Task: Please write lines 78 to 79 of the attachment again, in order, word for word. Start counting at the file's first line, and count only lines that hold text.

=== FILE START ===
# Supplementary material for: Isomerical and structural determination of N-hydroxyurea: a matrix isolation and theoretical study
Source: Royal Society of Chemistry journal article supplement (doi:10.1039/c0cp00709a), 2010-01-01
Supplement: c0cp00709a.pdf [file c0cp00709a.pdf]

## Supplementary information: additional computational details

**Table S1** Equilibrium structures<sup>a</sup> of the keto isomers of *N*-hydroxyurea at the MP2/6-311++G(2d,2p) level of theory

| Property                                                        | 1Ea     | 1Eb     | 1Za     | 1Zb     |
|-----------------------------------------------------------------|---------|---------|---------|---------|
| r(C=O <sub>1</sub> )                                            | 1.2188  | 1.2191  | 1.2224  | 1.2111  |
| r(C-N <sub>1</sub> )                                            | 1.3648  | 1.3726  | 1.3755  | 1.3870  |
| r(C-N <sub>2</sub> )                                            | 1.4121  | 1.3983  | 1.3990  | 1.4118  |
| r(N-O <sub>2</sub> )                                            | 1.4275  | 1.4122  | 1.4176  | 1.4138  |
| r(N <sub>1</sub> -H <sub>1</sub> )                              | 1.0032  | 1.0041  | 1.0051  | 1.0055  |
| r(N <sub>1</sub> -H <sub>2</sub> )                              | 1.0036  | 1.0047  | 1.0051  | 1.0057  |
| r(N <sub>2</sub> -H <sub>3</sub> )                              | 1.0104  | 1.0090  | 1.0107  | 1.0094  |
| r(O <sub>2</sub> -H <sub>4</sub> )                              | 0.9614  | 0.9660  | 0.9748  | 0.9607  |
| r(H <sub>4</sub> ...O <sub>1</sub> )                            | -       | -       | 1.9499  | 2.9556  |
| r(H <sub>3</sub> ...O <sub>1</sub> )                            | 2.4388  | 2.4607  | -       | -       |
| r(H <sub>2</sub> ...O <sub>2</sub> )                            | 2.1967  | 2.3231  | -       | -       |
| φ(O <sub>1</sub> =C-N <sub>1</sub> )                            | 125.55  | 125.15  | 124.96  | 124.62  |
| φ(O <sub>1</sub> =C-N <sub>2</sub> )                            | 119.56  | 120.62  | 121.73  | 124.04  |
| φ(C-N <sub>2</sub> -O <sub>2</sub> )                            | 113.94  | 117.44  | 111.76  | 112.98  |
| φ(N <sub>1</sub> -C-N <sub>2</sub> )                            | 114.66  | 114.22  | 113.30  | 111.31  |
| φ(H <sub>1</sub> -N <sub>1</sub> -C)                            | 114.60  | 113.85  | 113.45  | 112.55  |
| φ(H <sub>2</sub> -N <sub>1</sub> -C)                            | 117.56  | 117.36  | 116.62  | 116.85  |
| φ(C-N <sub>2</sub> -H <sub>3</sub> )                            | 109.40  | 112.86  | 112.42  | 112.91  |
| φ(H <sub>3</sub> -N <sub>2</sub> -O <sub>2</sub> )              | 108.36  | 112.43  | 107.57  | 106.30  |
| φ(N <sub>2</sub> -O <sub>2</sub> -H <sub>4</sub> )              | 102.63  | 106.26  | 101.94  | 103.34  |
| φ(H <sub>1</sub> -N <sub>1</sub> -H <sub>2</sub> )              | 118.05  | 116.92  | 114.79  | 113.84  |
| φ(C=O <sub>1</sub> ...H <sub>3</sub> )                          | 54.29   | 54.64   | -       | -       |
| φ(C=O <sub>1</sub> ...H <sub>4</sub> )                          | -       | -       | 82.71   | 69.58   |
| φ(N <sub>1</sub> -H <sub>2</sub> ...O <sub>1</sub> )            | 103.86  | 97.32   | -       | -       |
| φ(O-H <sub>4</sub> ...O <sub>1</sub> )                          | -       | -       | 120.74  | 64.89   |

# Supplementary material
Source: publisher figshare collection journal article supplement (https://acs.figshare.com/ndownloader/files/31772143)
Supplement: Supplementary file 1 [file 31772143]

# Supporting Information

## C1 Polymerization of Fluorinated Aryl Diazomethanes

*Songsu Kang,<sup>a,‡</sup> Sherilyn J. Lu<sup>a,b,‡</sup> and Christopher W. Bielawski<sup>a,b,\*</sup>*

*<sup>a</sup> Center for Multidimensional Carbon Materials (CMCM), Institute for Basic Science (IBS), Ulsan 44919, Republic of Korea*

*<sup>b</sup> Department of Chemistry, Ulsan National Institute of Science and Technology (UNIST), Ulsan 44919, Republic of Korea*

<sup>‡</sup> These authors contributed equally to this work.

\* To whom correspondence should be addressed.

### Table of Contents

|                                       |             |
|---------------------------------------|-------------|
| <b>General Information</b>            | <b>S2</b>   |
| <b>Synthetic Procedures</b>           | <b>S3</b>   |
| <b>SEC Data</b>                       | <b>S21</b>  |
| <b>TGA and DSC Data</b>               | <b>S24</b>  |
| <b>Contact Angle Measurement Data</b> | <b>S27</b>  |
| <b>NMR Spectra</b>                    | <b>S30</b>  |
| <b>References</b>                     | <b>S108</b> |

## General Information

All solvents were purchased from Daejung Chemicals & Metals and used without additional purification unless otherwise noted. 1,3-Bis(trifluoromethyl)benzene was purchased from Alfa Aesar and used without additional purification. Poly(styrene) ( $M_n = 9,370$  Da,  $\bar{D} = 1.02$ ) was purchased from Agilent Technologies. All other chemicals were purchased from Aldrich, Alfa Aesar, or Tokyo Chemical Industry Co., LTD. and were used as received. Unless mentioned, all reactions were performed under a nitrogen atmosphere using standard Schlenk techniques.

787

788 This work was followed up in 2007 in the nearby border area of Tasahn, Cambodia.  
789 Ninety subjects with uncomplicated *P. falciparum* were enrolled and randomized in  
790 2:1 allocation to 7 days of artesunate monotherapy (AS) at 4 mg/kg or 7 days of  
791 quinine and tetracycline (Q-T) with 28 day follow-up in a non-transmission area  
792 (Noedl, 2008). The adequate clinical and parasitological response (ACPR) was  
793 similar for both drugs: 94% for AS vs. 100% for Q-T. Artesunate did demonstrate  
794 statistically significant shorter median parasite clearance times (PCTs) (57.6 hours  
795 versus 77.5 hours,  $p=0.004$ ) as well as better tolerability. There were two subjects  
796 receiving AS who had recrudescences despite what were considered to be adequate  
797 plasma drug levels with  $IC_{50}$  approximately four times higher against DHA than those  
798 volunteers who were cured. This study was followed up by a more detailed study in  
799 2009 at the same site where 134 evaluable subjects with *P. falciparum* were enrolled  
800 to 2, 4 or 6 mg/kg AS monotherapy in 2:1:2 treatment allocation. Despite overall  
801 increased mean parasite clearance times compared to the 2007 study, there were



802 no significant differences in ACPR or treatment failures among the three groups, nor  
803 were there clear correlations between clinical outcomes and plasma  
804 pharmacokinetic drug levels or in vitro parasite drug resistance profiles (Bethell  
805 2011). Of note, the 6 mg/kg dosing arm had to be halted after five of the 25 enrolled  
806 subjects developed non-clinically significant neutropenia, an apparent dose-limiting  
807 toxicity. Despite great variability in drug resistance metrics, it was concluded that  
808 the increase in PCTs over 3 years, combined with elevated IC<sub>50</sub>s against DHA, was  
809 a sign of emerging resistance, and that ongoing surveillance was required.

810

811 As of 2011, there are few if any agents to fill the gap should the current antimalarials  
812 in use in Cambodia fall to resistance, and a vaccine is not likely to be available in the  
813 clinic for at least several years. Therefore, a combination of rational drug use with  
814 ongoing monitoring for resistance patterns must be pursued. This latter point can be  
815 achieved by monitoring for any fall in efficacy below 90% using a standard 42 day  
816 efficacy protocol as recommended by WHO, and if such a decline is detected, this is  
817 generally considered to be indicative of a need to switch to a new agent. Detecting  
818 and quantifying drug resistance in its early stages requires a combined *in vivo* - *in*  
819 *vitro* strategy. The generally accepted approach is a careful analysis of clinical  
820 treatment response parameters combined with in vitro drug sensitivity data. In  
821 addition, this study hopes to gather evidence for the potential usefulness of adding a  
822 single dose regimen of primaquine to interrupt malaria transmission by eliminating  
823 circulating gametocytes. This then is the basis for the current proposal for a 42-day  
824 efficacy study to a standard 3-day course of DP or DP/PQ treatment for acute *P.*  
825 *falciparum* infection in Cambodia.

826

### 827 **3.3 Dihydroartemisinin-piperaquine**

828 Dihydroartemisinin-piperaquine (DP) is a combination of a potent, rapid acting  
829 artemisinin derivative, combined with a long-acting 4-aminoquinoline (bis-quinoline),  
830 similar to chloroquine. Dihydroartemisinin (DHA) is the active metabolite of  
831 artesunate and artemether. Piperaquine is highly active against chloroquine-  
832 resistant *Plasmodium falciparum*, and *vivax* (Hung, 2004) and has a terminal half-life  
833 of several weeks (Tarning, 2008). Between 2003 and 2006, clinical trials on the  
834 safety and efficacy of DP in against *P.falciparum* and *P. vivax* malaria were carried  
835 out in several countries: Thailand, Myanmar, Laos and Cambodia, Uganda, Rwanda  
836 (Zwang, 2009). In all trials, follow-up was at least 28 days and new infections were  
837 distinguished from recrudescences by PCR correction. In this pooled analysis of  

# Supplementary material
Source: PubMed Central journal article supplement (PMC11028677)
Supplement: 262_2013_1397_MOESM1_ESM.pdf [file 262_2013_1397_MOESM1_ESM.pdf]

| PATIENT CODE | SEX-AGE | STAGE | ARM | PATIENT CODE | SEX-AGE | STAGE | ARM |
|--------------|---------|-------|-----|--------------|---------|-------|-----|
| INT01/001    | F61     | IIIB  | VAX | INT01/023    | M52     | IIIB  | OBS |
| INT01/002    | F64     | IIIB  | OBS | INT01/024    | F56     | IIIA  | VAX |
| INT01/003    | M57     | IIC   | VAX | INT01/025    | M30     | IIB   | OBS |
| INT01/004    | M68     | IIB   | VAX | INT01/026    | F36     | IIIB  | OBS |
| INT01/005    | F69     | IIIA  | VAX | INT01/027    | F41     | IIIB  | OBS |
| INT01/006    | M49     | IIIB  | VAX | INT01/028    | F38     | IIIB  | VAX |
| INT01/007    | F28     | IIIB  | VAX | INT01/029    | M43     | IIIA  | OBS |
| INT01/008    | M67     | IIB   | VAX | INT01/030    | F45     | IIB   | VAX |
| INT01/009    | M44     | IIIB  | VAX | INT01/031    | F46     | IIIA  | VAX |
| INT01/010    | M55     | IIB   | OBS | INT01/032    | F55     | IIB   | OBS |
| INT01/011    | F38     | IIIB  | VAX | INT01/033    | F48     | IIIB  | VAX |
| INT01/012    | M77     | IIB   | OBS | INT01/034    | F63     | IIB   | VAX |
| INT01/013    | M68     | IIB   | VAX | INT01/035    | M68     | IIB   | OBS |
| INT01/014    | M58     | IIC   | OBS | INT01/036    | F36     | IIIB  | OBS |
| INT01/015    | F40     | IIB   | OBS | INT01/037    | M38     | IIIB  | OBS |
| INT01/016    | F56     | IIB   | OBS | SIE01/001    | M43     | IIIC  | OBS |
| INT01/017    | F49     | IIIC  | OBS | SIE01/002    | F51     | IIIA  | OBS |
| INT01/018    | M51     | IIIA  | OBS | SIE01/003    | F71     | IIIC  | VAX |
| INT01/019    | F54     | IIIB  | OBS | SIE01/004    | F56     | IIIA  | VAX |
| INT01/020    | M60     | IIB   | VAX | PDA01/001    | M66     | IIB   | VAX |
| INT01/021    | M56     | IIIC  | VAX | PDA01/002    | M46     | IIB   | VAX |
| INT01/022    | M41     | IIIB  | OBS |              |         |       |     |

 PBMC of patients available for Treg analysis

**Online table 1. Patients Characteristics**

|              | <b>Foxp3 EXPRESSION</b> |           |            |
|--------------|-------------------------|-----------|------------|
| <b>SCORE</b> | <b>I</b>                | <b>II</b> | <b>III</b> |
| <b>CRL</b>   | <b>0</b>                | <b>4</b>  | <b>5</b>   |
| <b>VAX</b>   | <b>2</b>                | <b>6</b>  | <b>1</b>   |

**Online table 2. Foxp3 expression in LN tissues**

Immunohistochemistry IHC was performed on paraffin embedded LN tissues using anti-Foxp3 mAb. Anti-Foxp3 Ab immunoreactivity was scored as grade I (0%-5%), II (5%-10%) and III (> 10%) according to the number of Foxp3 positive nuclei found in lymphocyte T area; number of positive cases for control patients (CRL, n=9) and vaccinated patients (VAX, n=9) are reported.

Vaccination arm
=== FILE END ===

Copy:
810

811 As of 2011, there are few if any agents to fill the gap should the current antimalarials  